Ranke read "Quentin Durward" and was shocked. In the words of Lord Acton who had been his student: "He decided effectually to repress the poet, the patriot, the religious or political partisan, to sustain no cause, to banish himself from his books, and to write nothing that would gratify his own feelings or disclose his private convictions." Or as Ranke himself said: "I found by comparison that the truth was more interesting and beautiful than the romance. I turned away from it and resolved to avoid all invention and imagination in my works and to stick to facts." His aim would be to learn how it actually happened, Wie es eigentlich gewesenist.
He used this phrase in the first book he published and "scientific" historians have quoted it ad nauseum. The first book appeared in 1824, when Ranke was not yet thirty and was serving as a master in a school. The Prussian Minister of Education saw the book and promised Ranke a post in Berlin; within three months he had a supernumerary professorship--so prompt was the Prussian Government in rewarding historians who did not have dangerous political opinions. One would have thought that Ranke might have wondered concerning the reasons for his spectacular preferment. From the standpoint of the state, the choice was wise; nothing in any one of Ranke's later forty-odd volumes made any Prussian Minister of Education uneasy.
Ranke's belief in his "objectivity" was serenely complacent. An eminent theologian who, like him, had written on the Reformation, once met the German historian in Berlin and hailed him as a colleague. "No!" was the reply. "There is a great difference between us. You are above all a Christian, and I am above all a historian. There is a gulf between us." But Ranke was a Christian as well. He wrote: "God lives and is observable in the whole of history. Every deed bears witness of Him, every moment proclaims His name; but especially do we find it in the connecting line that runs through history." Presumably nothing that Prussia did could incur God's disfavor. Hence in the case of events that would require another historian to speak of turpitude and crime, Ranke wrote of "transactions and occurrences."
Views of whether certain occurrences are venial or vile will vary with the viewer. But another Rankean contribution to objective history was an insistence that the date of the "occurrence" made no difference. "Jede Epoche ist unmittelbar zu Gott," he proclaimed: all centuries are equal in the sight of God. The theologians can dispute whether they should agree, but what a philosophy for a historian! Henry VIII's Lord Chancellor and Solicitor General themselves turned the screws of the Tower rack in the hope of forcing the protestant Ann Askewe to make some confessions. She "would not convert for all the pain," and a few weeks later the legal luminaries went to Smithfield to watch her body being burned. Should we be no more moved to horror if we read that two of the law officers of Queen Elizabeth II were to participate in a comparable "transaction?"
Some advocates of colorless history make great play with the argument that the historian should not assume the role of "a hanging judge." Of course not, and the analogy is faulty. A bishop once said to a judge: "I can say 'you be damned' while you can only say 'you be hanged.'" "Yes," replied the judge, "but when I say you be hanged you are hanged." Not always, because there may be reversals on appeal or clemency. The historian is not a hanger but a damner, for his readers are free to reject or modify his verdict, and the next year they may read a different verdict handed down by another historian.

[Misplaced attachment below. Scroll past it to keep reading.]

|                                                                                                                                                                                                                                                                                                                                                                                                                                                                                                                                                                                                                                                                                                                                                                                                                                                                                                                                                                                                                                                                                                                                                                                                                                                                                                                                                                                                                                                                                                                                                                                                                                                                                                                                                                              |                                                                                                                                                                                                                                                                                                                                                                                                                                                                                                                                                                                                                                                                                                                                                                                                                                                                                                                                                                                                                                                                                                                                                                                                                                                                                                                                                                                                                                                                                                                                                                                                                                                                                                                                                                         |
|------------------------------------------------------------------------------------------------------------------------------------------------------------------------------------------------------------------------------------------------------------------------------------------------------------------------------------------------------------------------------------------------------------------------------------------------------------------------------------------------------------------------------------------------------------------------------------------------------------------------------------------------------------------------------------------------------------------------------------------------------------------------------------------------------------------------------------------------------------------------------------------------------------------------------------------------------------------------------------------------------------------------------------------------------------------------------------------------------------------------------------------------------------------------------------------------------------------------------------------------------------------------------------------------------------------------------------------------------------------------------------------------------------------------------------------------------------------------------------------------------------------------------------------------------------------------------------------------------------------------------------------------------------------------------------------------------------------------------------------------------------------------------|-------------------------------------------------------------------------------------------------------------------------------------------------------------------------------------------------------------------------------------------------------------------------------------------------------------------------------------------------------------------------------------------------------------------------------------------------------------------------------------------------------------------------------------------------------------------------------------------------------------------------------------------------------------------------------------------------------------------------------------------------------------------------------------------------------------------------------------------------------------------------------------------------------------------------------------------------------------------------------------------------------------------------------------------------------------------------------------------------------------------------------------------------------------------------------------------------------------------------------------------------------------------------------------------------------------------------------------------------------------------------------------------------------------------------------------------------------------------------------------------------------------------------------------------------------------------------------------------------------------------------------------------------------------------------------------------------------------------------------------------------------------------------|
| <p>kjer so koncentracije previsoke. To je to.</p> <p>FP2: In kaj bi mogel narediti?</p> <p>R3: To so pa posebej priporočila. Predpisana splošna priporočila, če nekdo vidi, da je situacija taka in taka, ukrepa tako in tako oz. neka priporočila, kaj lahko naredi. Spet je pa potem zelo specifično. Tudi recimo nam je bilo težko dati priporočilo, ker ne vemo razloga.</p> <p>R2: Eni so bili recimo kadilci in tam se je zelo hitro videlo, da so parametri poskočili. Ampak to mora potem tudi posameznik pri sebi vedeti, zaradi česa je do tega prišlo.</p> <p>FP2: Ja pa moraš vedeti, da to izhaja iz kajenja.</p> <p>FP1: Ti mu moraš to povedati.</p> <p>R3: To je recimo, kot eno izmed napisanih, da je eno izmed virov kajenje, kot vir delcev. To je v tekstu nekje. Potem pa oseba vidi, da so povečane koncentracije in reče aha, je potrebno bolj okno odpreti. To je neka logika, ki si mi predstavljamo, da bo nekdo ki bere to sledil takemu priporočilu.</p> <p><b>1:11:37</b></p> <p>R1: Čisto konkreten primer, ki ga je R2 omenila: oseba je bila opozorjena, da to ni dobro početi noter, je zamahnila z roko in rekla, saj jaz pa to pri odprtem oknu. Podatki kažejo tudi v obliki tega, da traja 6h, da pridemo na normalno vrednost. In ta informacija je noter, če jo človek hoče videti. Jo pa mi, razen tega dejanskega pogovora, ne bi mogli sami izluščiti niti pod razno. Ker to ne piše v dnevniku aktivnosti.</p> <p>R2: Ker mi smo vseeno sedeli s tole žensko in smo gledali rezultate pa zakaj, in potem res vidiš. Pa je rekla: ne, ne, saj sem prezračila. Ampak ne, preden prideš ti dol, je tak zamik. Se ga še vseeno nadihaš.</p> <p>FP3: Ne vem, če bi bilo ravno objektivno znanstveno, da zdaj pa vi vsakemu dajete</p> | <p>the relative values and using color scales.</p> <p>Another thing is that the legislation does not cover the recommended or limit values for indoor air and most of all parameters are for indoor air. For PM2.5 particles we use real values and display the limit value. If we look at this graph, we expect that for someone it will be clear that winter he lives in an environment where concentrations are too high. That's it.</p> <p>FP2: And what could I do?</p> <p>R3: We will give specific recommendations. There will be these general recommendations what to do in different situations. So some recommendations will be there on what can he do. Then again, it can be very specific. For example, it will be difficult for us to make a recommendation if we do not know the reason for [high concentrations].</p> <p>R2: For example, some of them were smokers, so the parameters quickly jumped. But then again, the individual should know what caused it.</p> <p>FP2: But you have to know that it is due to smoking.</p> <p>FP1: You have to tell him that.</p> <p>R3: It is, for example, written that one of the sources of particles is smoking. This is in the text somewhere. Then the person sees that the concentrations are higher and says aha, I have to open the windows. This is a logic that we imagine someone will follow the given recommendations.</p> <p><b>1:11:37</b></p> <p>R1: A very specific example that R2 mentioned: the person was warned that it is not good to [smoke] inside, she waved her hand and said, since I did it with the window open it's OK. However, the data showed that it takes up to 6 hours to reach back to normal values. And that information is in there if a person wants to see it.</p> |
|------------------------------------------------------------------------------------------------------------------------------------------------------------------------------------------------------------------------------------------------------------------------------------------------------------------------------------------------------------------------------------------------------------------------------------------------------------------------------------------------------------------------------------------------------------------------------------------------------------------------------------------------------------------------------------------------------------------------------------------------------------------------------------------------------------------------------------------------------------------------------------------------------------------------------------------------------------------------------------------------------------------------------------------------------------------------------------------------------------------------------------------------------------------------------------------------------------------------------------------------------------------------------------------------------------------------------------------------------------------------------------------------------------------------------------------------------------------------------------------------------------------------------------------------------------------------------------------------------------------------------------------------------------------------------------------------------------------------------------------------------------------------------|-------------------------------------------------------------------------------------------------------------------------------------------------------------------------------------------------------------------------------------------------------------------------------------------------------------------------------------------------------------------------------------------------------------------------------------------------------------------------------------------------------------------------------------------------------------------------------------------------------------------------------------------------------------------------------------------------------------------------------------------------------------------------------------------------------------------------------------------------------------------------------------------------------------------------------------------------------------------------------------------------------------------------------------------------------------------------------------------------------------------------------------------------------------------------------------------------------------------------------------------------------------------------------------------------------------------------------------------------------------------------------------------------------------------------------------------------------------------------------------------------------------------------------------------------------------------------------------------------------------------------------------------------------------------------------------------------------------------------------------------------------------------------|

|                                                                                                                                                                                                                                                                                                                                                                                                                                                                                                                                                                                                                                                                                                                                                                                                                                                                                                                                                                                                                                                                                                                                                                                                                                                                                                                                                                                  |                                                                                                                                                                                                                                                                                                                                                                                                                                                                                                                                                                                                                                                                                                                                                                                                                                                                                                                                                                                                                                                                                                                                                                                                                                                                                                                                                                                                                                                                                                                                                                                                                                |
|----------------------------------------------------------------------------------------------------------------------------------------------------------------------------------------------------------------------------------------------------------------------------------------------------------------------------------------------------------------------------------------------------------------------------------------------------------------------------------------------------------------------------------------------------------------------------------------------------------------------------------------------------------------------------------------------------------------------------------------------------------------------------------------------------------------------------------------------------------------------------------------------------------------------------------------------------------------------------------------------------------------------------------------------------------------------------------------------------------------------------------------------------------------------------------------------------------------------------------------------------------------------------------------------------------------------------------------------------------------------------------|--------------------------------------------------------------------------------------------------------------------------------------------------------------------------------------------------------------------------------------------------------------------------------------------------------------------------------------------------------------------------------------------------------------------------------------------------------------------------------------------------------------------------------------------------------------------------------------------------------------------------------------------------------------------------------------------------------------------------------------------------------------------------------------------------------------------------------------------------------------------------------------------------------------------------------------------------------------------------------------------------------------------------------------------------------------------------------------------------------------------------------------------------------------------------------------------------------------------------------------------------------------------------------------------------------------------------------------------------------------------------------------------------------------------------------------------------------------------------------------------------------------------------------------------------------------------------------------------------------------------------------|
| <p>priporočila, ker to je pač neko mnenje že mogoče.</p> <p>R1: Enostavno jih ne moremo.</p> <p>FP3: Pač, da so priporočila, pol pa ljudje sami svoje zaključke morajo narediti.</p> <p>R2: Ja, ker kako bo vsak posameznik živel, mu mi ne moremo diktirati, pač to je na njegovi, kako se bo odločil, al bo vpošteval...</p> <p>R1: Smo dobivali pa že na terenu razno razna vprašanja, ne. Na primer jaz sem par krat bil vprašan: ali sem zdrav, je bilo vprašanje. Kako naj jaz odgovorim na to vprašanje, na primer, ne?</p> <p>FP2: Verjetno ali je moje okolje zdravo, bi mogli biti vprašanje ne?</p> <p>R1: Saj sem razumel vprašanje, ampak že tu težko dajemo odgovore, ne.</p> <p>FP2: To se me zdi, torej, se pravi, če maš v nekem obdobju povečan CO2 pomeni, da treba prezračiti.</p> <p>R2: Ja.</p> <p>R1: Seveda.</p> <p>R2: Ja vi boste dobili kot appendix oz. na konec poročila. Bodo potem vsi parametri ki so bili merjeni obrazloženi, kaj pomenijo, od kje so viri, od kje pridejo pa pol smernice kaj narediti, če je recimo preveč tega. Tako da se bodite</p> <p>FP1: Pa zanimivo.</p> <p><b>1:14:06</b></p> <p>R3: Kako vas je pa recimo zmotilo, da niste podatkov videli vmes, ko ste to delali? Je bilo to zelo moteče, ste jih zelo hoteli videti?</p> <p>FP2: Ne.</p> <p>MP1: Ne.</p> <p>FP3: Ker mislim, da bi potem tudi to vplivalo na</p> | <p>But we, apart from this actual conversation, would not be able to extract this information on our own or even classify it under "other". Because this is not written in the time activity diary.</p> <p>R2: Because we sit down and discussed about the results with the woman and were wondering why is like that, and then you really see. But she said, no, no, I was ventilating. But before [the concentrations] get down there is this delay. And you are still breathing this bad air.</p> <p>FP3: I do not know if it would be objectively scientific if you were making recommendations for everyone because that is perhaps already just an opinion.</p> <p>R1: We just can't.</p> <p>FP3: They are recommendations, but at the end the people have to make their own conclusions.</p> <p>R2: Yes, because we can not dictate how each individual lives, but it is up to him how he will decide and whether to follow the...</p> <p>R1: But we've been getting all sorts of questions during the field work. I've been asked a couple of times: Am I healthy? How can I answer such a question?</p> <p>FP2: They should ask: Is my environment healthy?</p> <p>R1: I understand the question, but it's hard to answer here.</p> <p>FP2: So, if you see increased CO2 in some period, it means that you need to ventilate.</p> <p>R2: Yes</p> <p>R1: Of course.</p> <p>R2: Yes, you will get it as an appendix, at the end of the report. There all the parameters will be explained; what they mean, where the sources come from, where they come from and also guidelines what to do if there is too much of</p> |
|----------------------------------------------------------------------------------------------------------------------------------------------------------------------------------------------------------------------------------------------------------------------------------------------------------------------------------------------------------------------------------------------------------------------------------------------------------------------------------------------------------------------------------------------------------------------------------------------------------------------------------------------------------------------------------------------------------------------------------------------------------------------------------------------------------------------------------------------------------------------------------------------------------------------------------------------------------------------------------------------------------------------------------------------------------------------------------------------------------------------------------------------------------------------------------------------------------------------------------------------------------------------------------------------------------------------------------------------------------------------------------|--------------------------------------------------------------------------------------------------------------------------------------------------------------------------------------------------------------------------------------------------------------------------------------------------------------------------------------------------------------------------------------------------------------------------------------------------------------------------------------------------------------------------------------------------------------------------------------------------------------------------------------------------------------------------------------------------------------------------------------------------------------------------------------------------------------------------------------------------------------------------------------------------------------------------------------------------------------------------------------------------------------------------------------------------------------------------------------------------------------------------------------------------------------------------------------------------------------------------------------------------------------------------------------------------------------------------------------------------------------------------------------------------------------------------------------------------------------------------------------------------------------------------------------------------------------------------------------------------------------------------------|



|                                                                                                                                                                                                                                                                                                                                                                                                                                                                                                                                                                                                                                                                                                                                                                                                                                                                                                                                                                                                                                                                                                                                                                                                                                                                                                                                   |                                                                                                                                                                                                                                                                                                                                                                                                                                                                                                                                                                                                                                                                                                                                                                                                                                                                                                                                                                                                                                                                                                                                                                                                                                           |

Geneva proved Commines a bad prophet in one respect. The heads of states did not separate disliking each other more than they did before they met. Indeed, Geneva displayed more sweetness and bonhomie than any conference since 1520 when Henry VIII and Francis I met on "the field of the cloth of gold." Those two monarchs were so boisterously companionable that they began a wrestling contest which the ladies terminated before it became unfriendly. "It's time for supper," they called. The buffets at Geneva enabled President Eisenhower to say that "there is evidence of a new friendliness in the world." Opinions will differ on whether the men in the Kremlin, when, until so recently, they hurled insults, were putting on an act or whether the change of manners is itself an act. Such uncertainties do not exist in respect of Western statesmen. They live like goldfish and one can accurately estimate whether they are being themselves or pretending.
But Commines was right when he said that the "mediation of wise and faithful ministers" rather than summit meetings must be the way to reconcile differences between states. Every substantive issue of the cold war remains as it was before Geneva. The Russians, by their smiles, sought to conceal their refusal to move from their positions on European security, disarmament and German unification. As the French put it, there is a détente but no entente.
But even if the Western Powers were willing to say that there is no hurry about German unification, Germany would not agree. In Murren the brooding presence of Western Germany, in the person of her Chancellor, was intended to make a greater impression on the Big Four than if he had remained in Bonn. "Even if you don't like the hors d'oeuvres you wait for the main course," was his comment on Geneva. A main dish will be cooked for him in the Kremlin when he visits the Soviet Union. Dr. Adenauer is not immortal. Will his policy, even his party, survive him? Will we learn that the German mind has not exorcised the spell cast by Ranke? It was a German historian, Hegel, who thought that the only lesson of history is that people and governments learn nothing from it. And of Hegel himself, it was said that he mistook the Kingdom of Prussia for the Kingdom of Heaven.